A masterplan for Dublin's Heuston Station and surrounding areas is to include an emphasis on bikes and other modes of transport, but not cars.
The holding company for Irish Rail and Dublin Bus is launching the new plan for the development of 10 hectares of land next to the station.
The Heuston Masterplan will see lands encompassing both Heuston Station and Cunningham Road developed for multi-use - including over 1,000 residential units.
There are also plans for commercial, retail and leisure deployments.
It also envisions the construction of two new bridges across the River Liffey for cyclists and pedestrians.
And as part of the plan, a new DART station at Heuston West will bring services to outer-suburban areas and onwards through the Phoenix Park Tunnel.
Lorcan O'Connor is the group chief executive of Córas Iompair Éireann (CIE).
He told The Pat Kenny Show they want to make room for other modes of transport.
"We do see the Heuston Masterplan also being an opportunity for a significant shift in cycling provision.
"We envisage providing 5,000 bicycle park spaces in Heuston Station - that's of a scale that is unheard of in an Irish context.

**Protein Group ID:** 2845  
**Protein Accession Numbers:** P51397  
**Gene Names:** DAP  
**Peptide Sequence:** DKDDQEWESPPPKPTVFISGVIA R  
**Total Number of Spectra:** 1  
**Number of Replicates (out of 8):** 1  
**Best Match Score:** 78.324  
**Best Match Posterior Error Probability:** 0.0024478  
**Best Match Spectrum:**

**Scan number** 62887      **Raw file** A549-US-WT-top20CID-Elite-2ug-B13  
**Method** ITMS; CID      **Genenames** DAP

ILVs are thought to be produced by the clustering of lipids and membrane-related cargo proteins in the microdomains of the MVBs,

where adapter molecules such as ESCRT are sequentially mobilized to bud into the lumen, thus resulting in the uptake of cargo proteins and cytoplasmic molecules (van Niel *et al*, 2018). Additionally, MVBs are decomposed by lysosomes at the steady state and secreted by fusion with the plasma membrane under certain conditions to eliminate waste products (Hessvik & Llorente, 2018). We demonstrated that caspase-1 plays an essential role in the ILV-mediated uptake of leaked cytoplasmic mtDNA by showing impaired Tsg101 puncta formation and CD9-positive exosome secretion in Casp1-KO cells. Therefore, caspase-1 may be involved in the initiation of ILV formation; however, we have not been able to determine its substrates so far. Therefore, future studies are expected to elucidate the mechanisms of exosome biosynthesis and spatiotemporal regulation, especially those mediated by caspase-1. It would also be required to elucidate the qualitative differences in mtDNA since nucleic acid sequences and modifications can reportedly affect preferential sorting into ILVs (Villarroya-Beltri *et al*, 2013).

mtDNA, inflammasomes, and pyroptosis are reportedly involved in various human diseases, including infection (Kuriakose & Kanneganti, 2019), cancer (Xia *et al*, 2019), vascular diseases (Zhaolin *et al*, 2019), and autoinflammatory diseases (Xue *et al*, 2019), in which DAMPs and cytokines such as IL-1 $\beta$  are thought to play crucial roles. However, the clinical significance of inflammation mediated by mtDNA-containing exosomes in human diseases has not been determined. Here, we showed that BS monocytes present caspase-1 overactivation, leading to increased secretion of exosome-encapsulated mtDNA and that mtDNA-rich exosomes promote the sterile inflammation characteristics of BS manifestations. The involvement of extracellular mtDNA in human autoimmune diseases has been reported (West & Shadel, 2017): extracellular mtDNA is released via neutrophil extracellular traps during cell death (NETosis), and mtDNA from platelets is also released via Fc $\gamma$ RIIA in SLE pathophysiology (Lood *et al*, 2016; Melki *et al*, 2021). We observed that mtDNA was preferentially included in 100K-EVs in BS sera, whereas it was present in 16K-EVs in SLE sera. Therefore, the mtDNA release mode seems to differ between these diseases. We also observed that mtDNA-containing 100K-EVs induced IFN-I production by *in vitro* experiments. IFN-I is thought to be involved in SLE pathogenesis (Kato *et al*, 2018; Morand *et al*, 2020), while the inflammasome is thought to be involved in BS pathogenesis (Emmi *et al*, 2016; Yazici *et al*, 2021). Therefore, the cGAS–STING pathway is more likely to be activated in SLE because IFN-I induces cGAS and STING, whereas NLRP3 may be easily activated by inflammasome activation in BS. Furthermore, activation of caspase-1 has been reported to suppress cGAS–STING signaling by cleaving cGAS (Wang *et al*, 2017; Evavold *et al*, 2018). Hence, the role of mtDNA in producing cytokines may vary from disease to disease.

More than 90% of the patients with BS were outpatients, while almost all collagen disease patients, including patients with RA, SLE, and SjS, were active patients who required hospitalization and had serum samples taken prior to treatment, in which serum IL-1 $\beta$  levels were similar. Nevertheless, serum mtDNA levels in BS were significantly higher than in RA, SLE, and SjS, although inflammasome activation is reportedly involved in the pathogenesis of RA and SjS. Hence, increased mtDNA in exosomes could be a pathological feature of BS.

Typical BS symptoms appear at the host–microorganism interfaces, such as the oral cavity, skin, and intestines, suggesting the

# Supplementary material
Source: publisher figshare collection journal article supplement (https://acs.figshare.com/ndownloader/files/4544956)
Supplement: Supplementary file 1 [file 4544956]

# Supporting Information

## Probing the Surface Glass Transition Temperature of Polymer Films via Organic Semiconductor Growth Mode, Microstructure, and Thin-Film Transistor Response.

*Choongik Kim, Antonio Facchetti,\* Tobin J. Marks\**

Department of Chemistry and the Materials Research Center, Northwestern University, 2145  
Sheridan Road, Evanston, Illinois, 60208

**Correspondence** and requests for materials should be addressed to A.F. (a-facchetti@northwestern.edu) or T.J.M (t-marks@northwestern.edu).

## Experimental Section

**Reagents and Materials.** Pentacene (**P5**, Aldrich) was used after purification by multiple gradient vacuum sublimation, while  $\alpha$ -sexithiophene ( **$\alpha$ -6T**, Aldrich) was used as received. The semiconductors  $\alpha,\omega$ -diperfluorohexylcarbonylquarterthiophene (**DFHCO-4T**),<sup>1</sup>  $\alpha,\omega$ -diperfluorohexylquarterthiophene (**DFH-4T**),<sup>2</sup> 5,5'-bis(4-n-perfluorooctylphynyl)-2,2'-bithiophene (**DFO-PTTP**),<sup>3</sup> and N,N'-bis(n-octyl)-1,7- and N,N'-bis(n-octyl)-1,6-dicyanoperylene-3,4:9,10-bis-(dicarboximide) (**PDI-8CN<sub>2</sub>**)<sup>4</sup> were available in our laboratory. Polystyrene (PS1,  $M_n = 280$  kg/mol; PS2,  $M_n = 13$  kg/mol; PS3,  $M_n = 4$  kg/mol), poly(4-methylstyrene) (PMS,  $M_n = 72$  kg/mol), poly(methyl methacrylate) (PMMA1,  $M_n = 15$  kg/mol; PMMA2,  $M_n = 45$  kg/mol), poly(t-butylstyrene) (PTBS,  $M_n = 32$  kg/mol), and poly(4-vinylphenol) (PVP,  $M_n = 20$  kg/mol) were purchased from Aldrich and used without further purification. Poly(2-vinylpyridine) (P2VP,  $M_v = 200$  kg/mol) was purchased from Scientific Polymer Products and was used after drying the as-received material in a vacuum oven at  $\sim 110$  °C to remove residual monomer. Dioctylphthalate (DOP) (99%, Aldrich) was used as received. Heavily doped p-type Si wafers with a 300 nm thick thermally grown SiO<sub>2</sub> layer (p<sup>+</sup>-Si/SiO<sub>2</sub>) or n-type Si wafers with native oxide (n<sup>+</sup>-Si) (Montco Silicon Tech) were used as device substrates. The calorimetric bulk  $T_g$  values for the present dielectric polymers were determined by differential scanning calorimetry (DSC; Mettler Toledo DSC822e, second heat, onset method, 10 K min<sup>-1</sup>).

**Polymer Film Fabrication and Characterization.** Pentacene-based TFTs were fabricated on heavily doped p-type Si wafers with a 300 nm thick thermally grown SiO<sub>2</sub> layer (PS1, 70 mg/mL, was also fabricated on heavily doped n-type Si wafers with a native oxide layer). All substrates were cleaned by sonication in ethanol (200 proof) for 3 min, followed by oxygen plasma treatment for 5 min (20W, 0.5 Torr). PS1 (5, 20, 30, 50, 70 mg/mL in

"It does reflect best practice from some of our European countries.
"What that will offer is easy access to people who use the train services into Heuston to do that last mile journey - or indeed, for those living or working in the new development.
"What we can show is, pretty much, a 15 minute cycle from Heuston Station gets you to anywhere in the city centre.
"Dublin City Council are also building the off-road cycle track along The Quays."
He says this is the perfect example of going car-free.
"What we're proposing today is a largely car-free development - so it's absolutely with E-scooters in mind, active travel options in mind - be it walking, cycling and public transport.
"It's anything but the car.
"To provide for anything else on this site I think would be a dereliction of our duty.
"If you cannot have a largely car-free development at Heuston Station, I don't know where you can."
It will now move to the development stage, with plans to appoint a joint-venture developer next spring.
And Mr O'Connor says a planning permission application is to be developed "within a year" of that date - taking it to 2023.
They will also be working with local communities and others, however it is expected the development will take up to 15 years to complete.